Emissions from passenger cars fell by less than the UK government expected before last year, in part because of the rising popularity of sport utility vehicles.
Average emissions from new cars in Britain fell 13% from 2011 through 2016, then increased 6% through 2019, the National Audit Office said in a report Friday. Several factors combined to cancel out any progress from sales of battery-powered vehicles, including surging demand for SUVs, increased road traffic and revisions in the way emissions are measured in the wake of the industry’s diesel scandal.
SUVs climbed to a quarter of new-car sales in 2019 from just 6% in 2008, according to the report. The spending watchdog doesn’t analyze emissions data for 2020, when the UK saw record sales of electric vehicles.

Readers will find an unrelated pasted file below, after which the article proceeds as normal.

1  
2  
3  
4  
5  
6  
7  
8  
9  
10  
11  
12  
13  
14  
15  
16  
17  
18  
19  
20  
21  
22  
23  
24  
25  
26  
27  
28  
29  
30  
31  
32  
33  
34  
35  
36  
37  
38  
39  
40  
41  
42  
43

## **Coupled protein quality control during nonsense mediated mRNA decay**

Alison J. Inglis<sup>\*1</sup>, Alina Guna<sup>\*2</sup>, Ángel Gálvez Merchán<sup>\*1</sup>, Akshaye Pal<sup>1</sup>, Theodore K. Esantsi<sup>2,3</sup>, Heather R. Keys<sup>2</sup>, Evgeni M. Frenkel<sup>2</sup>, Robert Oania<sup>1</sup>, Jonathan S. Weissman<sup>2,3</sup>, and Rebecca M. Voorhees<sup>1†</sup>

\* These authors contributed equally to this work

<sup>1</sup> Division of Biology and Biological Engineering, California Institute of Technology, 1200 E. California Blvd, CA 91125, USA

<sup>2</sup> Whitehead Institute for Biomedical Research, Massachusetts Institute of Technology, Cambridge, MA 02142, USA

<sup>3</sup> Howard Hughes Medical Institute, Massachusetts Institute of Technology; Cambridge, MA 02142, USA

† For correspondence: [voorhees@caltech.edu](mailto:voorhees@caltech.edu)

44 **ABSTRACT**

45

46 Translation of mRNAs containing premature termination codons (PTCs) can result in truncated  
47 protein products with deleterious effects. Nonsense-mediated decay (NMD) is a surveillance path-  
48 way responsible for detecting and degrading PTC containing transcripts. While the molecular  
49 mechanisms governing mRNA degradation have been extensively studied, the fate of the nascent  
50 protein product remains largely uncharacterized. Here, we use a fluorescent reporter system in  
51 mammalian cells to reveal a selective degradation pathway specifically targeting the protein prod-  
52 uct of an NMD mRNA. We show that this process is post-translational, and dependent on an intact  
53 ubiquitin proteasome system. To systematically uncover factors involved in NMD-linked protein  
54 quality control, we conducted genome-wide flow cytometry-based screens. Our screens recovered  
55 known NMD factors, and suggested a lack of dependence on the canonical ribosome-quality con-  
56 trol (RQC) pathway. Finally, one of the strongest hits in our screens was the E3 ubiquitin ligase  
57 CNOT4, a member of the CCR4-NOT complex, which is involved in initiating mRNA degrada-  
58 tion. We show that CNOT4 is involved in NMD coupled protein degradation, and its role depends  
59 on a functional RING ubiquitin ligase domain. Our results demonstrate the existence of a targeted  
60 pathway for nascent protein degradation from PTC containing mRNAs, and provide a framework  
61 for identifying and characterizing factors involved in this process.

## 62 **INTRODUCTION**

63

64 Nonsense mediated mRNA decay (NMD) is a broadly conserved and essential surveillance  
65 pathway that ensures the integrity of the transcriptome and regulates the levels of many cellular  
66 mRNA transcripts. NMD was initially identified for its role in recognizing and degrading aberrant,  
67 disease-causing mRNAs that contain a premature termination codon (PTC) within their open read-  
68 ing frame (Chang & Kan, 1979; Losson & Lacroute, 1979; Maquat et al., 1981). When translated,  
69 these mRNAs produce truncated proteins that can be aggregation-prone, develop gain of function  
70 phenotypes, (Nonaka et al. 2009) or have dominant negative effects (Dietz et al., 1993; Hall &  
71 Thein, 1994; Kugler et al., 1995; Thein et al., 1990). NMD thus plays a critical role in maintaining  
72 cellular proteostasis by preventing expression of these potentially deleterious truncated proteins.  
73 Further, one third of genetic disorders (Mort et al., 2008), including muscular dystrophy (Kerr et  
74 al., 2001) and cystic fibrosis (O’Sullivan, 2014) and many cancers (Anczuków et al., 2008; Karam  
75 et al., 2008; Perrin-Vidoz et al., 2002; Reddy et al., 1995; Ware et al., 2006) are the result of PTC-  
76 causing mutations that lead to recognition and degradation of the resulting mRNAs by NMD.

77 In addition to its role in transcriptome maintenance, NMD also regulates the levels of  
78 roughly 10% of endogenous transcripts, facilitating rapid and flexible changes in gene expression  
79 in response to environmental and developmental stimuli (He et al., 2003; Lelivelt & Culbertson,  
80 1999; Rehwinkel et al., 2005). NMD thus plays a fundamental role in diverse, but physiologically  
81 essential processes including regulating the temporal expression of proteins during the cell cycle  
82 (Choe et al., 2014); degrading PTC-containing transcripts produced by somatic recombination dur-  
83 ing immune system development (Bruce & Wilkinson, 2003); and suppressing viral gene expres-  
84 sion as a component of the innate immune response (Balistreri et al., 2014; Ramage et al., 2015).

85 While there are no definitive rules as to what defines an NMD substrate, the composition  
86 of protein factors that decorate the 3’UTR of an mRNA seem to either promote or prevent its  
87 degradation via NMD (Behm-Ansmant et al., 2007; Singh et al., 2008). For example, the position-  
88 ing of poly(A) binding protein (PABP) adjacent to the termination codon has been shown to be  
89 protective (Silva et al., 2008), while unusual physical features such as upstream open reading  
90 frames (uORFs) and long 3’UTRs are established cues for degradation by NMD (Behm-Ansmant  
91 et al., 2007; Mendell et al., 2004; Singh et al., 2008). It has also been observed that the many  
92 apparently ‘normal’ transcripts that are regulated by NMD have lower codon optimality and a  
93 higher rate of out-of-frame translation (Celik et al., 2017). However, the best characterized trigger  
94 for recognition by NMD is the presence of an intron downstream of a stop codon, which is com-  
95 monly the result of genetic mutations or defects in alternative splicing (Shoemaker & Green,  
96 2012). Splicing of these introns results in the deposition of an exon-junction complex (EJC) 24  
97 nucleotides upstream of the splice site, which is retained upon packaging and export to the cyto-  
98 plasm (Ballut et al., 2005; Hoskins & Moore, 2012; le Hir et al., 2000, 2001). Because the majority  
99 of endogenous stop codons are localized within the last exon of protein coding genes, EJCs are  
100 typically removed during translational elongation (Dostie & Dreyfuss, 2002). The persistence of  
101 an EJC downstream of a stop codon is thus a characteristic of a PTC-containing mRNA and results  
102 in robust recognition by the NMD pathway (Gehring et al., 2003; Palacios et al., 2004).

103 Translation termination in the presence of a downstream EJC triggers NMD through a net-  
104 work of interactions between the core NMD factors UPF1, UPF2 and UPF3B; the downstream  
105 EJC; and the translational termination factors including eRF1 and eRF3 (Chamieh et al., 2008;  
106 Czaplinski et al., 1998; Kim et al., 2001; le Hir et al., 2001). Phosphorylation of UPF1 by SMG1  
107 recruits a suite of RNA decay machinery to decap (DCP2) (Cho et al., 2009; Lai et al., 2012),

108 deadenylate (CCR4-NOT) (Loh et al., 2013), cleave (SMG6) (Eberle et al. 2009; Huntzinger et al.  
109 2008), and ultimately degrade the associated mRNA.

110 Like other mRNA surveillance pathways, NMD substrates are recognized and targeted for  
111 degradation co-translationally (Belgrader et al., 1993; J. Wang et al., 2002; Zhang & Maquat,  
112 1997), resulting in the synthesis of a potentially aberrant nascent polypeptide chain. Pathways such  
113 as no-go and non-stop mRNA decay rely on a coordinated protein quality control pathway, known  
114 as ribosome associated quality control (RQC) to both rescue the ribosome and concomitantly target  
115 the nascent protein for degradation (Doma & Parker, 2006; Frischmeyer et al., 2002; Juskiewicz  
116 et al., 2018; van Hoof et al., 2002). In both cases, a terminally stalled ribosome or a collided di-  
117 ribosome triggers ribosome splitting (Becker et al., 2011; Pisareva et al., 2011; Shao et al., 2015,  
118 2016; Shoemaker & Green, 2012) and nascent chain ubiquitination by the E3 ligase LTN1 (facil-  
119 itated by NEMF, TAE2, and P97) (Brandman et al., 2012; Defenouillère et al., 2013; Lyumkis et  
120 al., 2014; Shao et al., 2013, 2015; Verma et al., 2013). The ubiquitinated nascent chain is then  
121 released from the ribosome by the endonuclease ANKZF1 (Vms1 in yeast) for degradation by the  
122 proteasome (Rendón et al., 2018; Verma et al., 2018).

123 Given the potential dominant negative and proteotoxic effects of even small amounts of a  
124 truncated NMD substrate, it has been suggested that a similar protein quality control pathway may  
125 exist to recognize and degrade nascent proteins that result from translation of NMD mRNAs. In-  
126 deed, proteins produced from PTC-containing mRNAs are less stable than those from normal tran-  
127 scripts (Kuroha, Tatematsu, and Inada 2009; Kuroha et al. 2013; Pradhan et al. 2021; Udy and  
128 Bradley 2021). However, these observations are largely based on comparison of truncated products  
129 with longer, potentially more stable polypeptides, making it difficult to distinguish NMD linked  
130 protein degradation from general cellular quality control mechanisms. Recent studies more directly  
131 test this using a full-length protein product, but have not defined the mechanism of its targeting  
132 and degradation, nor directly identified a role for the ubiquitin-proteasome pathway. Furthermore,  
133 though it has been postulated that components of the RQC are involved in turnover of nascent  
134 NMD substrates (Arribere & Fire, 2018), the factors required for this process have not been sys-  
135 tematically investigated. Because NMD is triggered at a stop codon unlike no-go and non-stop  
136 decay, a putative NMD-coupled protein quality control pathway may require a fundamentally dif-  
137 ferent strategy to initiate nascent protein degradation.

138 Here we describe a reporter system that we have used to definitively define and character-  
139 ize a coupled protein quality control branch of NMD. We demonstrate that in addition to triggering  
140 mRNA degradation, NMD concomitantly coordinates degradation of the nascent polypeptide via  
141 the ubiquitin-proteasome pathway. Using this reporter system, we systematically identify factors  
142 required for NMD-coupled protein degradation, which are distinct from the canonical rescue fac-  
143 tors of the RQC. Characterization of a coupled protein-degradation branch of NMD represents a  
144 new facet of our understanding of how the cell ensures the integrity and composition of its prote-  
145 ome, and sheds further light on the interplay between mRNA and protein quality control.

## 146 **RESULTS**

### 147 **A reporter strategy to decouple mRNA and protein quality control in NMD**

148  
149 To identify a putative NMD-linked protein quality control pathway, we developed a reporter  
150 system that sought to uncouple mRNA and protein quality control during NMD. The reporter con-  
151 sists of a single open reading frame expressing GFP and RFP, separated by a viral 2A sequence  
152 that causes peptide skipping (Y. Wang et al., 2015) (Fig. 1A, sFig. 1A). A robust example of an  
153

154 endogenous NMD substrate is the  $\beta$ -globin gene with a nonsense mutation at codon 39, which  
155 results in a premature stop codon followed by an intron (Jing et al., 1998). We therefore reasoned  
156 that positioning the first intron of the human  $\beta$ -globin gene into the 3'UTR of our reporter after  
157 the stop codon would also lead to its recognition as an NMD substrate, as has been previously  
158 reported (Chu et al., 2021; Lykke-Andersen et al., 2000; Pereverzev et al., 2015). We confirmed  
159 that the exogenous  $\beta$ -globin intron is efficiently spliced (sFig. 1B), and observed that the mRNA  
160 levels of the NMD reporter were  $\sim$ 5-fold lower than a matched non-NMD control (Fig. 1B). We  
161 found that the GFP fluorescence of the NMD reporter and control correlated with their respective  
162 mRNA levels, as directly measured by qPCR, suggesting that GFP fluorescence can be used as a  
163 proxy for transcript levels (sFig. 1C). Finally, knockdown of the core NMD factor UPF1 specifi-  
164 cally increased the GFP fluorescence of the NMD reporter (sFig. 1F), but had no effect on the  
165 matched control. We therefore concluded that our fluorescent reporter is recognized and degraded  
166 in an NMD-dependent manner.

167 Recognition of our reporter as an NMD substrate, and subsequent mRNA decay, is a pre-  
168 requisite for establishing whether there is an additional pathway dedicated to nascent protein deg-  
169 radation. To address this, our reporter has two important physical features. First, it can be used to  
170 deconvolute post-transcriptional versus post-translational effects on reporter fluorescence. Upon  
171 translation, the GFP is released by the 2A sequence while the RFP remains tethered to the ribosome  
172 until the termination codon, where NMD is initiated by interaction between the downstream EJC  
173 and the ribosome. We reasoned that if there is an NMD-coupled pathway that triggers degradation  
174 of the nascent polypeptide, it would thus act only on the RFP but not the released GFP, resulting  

(Also read | EU told one million public EV charging stations needed by 2024)
Registrations of battery-electric cars soared 186% last year, while plug-in hybrids surged 91%. The two segments combined made up about a 10th of deliveries, up from a 30th in 2019.
The rise of SUVs has been a global phenomenon with more than 200 million on roads worldwide, up from 35 million in 2010, the International Energy Agency said in 2019. The IEA said then that SUVs were the second-largest contributor to the increase in global carbon-dioxide emissions since the beginning of the decade, behind the power sector but ahead of heavy industry, trucking and aviation.
This story has been published from a wire agency feed without modifications to the text.